We are very proud of all our books that have won prizes: in 2010, Adaobi Tricia Nwaubani won the Commonwealth Prize and the Betty Trask award for her book I Do Not Come to you by Chance and this year Lola Shoneyin’s Secret Lives of Baba Segi’s Wives, also won the Oakland PEN award for best first novel. To be honest, when we accept a manuscript, we don’t think about whether it will win any prizes or not. Most awards are judged by people who have very specific tastes and backgrounds, and just because a book didn’t win a prize doesn’t mean it wasn’t any good – and vice versa. We choose all our stories based on the quality of the writing, and how well they tell their story.

Tell us about this new venture, Ankara Press.

Well, Ankara Press is our upcoming romance imprint. The books will be easy-to-read, purse-size romantic fiction with African settings, storylines and characters and they will be issued at regular monthly intervals. They will be short, snazzy, fast-paced stories that reflect the complexity of the life of the modern African woman but they won’t simply recreate traditional romances. Often, these rely on dangerous notions of male dominance, control and manipulation that have done great harm to women all over the world. Many women tolerate abusive situations because they wrongly believe that it is what romance should look like. Ankara Press is a new kind of romance. One in which strong, capable female characters meet handsome, charming men who are secure in their identities and respectful of a woman’s choices. In it, the thrill of fantasy is alive but realized in a healthier, more grounded reality.

There is a notion out there that editors are failed writers.

I don’t believe this for a minute. Most of history’s greatest writers were also editors as well, heading literary magazines and reviewing other writer’s works. It does take a different mindset to be an editor than to be a writer. Editors have to be analytical, they have to slow down and critically think about everything they are doing. As a writer, being overly analytical and critical can actually impede your initial creativity. You have to get into a space where you just write without too many expectations for a while. It is important that when you begin the rewriting process, you take on more of an editorial mindset. I think a lot of writers have trouble moving between the two modes, but it is necessary if they want to write their best work.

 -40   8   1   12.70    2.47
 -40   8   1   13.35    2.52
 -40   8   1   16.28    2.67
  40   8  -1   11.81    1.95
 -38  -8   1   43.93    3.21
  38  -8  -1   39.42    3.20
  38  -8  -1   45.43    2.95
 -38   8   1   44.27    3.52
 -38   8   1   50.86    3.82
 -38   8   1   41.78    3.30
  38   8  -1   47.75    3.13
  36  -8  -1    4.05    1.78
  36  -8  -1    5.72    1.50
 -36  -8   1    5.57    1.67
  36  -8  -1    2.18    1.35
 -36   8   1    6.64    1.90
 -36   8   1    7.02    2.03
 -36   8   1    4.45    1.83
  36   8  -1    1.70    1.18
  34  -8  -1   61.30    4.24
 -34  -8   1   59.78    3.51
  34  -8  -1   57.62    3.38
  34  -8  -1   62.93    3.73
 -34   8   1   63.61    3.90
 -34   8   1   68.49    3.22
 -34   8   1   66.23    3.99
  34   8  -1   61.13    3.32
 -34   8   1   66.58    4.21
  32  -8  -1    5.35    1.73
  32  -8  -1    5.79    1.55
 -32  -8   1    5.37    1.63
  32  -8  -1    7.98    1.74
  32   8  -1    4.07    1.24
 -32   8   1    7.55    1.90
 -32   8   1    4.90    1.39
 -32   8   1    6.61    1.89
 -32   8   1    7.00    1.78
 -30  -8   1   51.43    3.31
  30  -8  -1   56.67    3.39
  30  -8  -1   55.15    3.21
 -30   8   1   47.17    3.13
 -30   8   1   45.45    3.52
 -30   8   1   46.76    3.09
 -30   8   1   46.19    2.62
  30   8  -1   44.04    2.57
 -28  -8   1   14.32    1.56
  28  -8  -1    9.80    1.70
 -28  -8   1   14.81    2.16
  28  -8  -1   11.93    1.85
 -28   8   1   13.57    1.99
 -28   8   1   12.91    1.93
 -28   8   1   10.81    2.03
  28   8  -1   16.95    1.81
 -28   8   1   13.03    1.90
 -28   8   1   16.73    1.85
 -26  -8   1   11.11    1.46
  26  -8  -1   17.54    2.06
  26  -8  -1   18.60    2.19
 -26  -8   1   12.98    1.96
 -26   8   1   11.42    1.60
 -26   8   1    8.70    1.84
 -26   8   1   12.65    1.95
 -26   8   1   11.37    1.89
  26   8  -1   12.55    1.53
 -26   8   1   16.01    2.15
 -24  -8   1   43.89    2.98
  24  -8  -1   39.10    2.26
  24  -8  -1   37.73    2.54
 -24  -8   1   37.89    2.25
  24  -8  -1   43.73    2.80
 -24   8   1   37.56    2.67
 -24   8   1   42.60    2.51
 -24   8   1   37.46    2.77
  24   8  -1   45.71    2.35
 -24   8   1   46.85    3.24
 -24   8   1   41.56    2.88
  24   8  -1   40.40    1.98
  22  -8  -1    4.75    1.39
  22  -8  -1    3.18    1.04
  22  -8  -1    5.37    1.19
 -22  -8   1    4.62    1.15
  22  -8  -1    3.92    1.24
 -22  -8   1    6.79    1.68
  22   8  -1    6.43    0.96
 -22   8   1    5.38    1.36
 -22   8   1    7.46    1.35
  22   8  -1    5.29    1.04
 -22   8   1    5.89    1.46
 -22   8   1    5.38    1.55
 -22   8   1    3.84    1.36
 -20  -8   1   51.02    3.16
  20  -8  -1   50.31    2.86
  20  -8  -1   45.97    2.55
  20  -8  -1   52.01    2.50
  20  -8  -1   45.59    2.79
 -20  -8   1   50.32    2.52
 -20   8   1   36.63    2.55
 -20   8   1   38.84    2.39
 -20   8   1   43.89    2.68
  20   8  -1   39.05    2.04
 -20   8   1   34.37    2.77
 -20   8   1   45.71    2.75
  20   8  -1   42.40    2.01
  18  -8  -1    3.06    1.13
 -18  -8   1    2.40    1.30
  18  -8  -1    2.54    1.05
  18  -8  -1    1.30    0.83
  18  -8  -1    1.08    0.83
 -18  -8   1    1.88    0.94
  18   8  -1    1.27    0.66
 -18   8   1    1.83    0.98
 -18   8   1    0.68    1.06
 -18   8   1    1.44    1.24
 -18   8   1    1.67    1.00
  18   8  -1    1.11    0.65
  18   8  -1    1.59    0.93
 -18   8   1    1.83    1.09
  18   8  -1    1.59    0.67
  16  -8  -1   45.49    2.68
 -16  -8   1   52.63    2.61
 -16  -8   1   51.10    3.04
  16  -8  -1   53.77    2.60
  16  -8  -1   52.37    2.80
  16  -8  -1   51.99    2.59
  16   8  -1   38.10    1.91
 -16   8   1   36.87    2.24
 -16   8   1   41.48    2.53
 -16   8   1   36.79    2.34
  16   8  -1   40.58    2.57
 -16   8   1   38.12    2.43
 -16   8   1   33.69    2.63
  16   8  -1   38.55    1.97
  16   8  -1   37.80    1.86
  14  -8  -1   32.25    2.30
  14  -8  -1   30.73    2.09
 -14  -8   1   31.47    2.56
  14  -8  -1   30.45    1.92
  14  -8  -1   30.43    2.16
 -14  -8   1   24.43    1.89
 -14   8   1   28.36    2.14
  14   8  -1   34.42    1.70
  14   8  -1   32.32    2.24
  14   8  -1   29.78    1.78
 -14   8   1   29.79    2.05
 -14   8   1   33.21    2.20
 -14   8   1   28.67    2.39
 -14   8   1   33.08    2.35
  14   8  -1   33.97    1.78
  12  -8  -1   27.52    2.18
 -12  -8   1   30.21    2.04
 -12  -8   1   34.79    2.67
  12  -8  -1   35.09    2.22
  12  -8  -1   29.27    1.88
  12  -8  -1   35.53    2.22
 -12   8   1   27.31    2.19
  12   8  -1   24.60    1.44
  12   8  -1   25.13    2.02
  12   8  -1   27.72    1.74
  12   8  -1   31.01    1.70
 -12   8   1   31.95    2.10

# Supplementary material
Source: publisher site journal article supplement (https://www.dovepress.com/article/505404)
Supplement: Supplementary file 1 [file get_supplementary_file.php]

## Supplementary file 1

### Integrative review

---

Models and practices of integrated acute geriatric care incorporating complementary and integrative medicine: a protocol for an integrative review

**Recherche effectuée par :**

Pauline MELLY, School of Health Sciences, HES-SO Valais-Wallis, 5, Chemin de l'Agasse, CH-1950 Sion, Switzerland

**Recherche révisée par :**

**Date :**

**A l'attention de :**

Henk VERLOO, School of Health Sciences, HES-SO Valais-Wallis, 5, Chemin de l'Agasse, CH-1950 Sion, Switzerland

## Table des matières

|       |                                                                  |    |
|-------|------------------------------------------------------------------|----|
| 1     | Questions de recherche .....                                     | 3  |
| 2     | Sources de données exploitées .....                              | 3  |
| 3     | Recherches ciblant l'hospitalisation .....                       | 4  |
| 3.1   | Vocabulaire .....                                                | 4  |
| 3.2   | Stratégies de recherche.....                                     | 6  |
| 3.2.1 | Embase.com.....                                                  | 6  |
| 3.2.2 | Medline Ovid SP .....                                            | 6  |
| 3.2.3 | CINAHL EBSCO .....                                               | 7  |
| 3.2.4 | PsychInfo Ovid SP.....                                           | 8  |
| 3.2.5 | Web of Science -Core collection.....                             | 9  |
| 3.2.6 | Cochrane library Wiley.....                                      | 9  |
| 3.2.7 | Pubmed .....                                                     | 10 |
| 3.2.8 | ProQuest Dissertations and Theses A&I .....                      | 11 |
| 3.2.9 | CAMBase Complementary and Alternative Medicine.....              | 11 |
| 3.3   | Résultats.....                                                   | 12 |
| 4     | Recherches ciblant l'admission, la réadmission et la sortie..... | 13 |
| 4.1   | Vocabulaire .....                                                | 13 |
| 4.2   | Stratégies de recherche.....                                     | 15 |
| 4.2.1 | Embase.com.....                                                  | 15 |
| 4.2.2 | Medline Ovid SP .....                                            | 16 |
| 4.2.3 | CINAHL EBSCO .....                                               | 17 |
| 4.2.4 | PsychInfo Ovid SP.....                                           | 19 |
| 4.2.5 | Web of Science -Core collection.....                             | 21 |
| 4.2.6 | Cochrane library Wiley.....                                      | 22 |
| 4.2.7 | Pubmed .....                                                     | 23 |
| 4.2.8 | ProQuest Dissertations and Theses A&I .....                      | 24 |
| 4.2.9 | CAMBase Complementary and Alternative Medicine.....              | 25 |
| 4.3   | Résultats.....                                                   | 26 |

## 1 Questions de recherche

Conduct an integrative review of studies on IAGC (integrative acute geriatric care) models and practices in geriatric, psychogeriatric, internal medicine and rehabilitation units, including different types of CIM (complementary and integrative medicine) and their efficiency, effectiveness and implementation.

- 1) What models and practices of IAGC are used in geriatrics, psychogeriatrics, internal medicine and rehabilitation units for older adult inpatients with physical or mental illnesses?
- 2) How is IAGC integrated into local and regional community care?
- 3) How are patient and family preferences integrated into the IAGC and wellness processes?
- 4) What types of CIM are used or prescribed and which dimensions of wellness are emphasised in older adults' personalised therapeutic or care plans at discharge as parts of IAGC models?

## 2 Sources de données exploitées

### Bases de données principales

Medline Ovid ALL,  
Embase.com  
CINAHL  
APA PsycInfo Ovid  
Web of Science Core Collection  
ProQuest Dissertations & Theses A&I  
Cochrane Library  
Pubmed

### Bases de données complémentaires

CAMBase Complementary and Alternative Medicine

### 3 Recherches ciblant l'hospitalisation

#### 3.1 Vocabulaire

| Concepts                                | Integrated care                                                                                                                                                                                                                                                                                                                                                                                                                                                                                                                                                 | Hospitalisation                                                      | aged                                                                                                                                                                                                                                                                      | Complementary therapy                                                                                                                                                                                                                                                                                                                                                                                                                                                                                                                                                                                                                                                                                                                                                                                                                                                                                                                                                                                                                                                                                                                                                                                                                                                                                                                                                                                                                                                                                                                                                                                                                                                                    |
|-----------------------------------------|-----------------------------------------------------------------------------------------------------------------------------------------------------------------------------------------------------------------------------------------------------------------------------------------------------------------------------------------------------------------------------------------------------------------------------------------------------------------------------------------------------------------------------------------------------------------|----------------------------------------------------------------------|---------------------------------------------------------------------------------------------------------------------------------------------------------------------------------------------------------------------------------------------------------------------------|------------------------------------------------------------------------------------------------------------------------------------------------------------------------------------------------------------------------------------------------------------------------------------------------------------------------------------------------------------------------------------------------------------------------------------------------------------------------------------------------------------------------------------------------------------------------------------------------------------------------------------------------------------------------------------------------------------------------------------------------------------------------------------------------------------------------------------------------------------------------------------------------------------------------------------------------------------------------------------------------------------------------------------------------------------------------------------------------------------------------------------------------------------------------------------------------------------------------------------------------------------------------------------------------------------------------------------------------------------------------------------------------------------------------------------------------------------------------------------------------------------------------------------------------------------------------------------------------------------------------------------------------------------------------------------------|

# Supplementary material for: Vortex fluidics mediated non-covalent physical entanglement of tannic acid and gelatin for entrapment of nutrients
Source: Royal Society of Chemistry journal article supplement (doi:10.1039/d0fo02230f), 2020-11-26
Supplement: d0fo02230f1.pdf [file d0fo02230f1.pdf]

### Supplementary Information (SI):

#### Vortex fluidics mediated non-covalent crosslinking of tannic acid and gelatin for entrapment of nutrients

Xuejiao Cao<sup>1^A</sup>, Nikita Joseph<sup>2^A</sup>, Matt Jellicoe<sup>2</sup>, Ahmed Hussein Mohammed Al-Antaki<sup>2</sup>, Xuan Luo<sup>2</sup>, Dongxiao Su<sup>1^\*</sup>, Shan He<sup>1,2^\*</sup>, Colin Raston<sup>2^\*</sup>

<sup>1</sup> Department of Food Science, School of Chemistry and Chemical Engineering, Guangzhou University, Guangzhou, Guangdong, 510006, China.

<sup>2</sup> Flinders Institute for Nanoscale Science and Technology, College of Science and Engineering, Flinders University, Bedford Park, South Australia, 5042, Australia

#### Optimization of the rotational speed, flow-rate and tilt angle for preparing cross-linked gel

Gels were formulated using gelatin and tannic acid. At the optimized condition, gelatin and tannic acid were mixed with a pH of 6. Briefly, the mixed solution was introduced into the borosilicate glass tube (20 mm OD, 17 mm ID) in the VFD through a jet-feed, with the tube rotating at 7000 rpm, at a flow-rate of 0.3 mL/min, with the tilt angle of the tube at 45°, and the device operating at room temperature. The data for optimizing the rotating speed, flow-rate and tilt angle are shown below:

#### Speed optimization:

Well, you are definitely not a failed writer – you are a blogger and you have published several short stories in literary magazines. How do you successfully combine professional editing and professional writing?

I’ve found that one needs to create islands of time for writing. Usually, when I’ve spent a whole day looking at manuscripts and manipulating words, I don’t have a lot of energy for creative writing. But on the weekends, I’ll go to a small cafe that has WI-FI internet and work for a few hours. I also try to work on my fiction during holidays. For me, writing does not come easily; it is a lot of mental work but it is an important part of who I am and so I try to make it a priority in my life. I also make a point to read regularly. Reading is like fuel to the writing mind, without it the craft suffers and you find yourself writing stories that read like bad Hollywood or Nollywood plots.

Does your editing job make you a better writer or is it vice versa?